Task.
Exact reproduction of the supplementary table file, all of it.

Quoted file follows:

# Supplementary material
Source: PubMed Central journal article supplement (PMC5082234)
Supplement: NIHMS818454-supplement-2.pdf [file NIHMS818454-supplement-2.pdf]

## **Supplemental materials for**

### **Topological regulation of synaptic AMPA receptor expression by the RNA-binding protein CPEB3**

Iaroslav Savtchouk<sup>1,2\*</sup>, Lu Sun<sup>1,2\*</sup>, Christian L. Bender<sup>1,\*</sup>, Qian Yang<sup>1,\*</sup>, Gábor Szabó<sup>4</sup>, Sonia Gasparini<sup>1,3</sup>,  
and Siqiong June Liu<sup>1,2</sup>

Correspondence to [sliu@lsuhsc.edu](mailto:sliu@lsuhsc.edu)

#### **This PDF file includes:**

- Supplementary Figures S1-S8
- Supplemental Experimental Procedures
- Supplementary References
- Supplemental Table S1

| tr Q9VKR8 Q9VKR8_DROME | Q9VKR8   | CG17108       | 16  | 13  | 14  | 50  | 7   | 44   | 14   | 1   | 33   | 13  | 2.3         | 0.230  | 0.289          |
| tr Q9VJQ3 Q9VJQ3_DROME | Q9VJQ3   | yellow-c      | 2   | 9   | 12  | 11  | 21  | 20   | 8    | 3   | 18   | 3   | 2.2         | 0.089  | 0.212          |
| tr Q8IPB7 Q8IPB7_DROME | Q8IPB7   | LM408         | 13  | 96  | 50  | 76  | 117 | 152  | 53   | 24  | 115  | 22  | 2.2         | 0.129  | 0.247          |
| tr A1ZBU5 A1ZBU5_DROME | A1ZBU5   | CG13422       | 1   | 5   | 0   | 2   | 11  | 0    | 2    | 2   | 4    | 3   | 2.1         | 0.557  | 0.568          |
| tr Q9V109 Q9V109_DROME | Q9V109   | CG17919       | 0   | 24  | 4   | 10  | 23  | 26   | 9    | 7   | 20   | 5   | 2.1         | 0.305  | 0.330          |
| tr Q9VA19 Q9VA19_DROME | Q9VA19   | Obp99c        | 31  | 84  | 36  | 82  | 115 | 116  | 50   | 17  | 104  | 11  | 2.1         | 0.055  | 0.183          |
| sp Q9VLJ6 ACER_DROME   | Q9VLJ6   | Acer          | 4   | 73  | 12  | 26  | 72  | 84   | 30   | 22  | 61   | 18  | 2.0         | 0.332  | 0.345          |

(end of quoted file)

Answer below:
# Supplementary material
Source: PubMed Central journal article supplement (PMC5082234)
Supplement: NIHMS818454-supplement-2.pdf [file NIHMS818454-supplement-2.pdf]

## **Supplemental materials for**

### **Topological regulation of synaptic AMPA receptor expression by the RNA-binding protein CPEB3**

Iaroslav Savtchouk<sup>1,2\*</sup>, Lu Sun<sup>1,2\*</sup>, Christian L. Bender<sup>1,\*</sup>, Qian Yang<sup>1,\*</sup>, Gábor Szabó<sup>4</sup>, Sonia Gasparini<sup>1,3</sup>,  
and Siqiong June Liu<sup>1,2</sup>

Correspondence to [sliu@lsuhsc.edu](mailto:sliu@lsuhsc.edu)

#### **This PDF file includes:**

- Supplementary Figures S1-S8
- Supplemental Experimental Procedures
- Supplementary References
- Supplemental Table S1

| tr Q9VKR8 Q9VKR8_DROME | Q9VKR8   | CG17108       | 16  | 13  | 14  | 50  | 7   | 44   | 14   | 1   | 33   | 13  | 2.3         | 0.230  | 0.289          |
| tr Q9VJQ3 Q9VJQ3_DROME | Q9VJQ3   | yellow-c      | 2   | 9   | 12  | 11  | 21  | 20   | 8    | 3   | 18   | 3   | 2.2         | 0.089  | 0.212          |
| tr Q8IPB7 Q8IPB7_DROME | Q8IPB7   | LM408         | 13  | 96  | 50  | 76  | 117 | 152  | 53   | 24  | 115  | 22  | 2.2         | 0.129  | 0.247          |
| tr A1ZBU5 A1ZBU5_DROME | A1ZBU5   | CG13422       | 1   | 5   | 0   | 2   | 11  | 0    | 2    | 2   | 4    | 3   | 2.1         | 0.557  | 0.568          |
| tr Q9V109 Q9V109_DROME | Q9V109   | CG17919       | 0   | 24  | 4   | 10  | 23  | 26   | 9    | 7   | 20   | 5   | 2.1         | 0.305  | 0.330          |
| tr Q9VA19 Q9VA19_DROME | Q9VA19   | Obp99c        | 31  | 84  | 36  | 82  | 115 | 116  | 50   | 17  | 104  | 11  | 2.1         | 0.055  | 0.183          |
| sp Q9VLJ6 ACER_DROME   | Q9VLJ6   | Acer          | 4   | 73  | 12  | 26  | 72  | 84   | 30   | 22  | 61   | 18  | 2.0         | 0.332  | 0.345          |